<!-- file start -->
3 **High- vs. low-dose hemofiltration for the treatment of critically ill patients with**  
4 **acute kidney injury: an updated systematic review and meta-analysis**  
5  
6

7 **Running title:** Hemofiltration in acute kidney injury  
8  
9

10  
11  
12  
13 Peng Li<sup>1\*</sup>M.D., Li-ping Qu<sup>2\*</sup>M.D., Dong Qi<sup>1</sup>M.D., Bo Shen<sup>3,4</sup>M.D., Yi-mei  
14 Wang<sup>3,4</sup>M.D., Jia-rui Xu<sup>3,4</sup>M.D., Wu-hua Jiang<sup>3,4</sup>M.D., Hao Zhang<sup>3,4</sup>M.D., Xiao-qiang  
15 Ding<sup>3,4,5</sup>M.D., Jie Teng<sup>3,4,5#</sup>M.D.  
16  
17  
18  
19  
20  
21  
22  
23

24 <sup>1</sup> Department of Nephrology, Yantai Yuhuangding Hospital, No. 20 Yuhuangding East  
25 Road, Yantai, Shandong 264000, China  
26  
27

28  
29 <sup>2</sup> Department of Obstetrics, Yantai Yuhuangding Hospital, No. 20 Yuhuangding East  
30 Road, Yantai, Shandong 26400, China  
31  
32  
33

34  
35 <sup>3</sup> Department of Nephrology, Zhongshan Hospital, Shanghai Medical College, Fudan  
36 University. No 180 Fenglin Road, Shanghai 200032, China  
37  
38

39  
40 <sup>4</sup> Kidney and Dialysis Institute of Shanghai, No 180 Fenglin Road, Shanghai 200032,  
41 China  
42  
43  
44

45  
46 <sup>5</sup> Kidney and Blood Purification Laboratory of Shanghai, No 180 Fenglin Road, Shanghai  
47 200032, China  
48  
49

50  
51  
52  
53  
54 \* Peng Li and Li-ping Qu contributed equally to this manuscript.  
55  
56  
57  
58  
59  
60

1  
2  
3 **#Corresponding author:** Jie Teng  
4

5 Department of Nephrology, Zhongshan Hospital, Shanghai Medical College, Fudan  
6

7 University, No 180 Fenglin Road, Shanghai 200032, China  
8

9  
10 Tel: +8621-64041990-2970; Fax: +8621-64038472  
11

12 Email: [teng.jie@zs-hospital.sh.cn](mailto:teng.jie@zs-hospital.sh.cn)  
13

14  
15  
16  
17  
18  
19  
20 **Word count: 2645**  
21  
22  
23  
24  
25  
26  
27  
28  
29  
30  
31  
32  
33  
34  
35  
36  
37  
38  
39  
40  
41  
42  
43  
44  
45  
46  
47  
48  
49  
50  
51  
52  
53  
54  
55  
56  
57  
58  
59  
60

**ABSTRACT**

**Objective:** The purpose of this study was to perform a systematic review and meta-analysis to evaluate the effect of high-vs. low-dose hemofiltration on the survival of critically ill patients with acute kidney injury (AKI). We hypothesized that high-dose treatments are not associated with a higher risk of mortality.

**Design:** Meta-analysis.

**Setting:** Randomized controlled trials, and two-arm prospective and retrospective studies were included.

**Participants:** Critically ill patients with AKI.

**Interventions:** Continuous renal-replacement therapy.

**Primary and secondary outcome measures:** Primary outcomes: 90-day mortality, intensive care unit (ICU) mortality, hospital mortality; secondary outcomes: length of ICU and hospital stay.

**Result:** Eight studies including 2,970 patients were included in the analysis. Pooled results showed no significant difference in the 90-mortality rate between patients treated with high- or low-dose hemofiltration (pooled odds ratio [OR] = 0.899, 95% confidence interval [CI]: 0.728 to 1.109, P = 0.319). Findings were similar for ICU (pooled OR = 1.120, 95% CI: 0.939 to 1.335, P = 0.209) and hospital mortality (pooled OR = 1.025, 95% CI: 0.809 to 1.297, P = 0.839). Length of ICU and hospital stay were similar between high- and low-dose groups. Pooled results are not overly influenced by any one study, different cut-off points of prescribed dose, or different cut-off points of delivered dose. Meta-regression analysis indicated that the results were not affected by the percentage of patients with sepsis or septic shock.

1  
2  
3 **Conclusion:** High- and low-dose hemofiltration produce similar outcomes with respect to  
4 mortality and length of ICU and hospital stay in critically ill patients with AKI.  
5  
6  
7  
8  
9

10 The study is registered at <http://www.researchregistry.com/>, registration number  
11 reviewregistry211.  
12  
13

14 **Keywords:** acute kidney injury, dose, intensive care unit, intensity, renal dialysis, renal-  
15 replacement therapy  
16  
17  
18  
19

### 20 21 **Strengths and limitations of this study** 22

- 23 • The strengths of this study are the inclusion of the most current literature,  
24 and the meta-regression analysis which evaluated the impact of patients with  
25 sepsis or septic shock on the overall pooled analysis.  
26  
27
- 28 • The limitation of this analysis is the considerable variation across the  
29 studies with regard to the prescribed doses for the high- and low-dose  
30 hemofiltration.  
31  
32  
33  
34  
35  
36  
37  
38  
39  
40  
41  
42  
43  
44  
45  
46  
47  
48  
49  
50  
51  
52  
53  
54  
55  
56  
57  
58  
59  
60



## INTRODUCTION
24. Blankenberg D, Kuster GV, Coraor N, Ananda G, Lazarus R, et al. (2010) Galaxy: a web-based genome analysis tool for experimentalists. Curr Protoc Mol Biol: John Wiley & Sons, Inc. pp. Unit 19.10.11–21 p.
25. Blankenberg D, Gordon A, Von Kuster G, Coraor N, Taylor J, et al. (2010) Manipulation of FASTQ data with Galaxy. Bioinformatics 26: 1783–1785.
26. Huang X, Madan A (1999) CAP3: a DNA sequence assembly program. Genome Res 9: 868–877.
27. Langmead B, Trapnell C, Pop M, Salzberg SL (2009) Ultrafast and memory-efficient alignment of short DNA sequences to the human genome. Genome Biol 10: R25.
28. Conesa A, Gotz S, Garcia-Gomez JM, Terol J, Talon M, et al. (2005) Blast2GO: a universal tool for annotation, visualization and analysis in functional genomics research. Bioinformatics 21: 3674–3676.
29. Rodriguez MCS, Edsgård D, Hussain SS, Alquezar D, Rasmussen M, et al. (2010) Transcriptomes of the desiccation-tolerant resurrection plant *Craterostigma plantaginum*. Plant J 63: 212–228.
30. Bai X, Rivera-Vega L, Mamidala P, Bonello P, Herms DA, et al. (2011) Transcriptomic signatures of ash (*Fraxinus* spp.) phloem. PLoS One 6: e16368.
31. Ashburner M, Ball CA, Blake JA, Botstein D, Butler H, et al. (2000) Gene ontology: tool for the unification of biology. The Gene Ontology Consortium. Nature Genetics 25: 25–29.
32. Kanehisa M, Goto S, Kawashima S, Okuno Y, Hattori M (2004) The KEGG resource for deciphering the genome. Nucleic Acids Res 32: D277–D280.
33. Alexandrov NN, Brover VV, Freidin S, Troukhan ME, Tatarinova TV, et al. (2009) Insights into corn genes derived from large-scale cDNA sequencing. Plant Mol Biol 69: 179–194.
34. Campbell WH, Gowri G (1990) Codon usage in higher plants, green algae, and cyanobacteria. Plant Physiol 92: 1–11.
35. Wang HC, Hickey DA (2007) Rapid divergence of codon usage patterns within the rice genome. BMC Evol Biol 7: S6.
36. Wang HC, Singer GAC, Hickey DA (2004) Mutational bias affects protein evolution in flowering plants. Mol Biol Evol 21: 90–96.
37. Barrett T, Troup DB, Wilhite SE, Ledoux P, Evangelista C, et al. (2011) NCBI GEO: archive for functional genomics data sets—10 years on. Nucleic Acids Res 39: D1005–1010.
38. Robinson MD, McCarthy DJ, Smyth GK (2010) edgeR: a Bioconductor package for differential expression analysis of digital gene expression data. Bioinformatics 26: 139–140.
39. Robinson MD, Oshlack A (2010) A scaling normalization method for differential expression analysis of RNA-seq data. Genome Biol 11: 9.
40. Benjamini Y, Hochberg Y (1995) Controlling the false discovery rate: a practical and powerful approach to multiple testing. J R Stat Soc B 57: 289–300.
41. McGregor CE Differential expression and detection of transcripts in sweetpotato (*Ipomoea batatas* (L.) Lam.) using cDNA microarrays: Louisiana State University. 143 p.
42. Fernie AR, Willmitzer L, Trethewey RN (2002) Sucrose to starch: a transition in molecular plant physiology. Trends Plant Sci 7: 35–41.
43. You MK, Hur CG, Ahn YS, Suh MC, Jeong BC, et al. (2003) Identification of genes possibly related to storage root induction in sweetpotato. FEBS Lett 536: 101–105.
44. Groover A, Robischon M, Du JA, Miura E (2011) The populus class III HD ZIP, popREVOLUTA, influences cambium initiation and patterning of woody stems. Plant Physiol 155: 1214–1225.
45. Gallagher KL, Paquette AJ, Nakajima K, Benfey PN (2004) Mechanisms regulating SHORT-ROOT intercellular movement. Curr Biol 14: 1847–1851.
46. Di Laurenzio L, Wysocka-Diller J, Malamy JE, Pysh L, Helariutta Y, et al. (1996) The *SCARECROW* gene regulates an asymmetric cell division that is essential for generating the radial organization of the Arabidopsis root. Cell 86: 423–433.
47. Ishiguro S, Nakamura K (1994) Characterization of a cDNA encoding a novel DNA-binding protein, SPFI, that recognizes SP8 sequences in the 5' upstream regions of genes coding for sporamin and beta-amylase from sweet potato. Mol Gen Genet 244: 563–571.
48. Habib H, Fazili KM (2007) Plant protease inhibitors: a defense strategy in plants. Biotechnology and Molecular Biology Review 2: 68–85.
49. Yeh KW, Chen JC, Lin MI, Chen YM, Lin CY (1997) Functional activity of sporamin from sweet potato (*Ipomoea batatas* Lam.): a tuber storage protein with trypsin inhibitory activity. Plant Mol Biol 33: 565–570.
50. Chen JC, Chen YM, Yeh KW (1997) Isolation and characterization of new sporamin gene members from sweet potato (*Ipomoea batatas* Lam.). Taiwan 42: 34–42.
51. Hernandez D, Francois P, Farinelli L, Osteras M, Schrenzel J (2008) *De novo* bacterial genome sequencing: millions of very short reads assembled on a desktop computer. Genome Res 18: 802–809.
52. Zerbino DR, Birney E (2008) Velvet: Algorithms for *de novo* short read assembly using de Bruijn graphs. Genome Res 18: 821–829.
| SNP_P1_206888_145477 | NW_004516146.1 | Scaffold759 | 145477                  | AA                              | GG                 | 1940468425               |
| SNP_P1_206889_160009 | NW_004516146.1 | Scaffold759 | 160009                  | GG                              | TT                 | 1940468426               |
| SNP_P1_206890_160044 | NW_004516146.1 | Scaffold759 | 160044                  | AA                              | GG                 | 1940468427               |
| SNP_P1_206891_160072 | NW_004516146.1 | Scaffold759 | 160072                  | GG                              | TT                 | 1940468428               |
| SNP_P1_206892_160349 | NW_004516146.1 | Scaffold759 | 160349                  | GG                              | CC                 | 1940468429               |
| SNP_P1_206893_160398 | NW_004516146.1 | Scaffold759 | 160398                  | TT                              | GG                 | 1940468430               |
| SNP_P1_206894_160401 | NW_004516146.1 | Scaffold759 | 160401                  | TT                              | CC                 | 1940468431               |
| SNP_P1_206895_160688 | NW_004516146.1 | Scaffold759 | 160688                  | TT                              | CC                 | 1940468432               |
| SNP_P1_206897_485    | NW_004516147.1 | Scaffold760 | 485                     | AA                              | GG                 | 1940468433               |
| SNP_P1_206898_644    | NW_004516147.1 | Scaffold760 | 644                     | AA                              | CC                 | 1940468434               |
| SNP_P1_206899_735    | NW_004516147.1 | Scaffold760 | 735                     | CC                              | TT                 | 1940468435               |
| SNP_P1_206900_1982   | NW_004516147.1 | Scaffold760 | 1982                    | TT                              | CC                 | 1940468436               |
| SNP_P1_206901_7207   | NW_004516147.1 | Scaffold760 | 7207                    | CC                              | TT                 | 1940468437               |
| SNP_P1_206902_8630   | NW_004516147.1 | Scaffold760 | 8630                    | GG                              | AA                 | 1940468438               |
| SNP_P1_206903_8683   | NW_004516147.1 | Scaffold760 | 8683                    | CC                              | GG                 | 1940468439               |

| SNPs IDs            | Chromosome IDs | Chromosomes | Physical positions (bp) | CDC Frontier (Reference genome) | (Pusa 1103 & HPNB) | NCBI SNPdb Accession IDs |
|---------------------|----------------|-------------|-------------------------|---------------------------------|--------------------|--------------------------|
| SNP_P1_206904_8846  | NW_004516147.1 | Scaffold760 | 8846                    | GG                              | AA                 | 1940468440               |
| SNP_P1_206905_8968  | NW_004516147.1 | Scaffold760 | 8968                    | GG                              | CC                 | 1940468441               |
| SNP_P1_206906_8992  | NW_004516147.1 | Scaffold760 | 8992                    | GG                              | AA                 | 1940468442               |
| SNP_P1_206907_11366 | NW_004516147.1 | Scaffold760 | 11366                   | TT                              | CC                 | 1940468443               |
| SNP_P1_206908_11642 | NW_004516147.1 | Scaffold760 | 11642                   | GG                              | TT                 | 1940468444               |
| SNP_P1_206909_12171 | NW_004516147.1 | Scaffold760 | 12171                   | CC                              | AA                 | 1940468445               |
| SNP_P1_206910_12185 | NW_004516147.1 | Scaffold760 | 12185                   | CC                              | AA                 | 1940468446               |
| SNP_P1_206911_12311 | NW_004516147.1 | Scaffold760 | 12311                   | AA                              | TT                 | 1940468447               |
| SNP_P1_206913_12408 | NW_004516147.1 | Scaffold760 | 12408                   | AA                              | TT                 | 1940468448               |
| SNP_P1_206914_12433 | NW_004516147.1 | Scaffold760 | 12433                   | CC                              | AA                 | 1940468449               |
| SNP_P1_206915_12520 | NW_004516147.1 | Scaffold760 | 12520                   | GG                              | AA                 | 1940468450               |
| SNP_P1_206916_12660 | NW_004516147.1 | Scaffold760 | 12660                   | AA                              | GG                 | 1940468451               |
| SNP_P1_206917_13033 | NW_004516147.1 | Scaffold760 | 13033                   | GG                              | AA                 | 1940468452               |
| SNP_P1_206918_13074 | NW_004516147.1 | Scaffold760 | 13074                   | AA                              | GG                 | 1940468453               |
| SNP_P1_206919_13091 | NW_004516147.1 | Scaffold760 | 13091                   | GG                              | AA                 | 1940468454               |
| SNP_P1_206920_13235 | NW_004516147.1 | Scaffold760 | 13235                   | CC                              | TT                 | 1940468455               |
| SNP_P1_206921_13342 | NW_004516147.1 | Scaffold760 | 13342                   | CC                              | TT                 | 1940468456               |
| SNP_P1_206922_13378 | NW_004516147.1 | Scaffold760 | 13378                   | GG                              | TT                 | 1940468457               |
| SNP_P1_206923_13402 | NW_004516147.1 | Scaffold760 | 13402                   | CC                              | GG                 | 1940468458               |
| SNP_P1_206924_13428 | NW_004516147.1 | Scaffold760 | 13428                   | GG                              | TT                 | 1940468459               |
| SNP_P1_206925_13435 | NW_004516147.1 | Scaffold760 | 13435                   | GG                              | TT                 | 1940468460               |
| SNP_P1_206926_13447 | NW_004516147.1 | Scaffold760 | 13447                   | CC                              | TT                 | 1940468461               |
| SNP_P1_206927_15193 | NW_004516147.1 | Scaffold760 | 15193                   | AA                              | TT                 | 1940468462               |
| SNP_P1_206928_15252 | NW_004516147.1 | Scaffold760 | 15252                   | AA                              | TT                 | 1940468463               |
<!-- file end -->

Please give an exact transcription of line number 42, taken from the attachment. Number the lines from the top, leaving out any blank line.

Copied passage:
44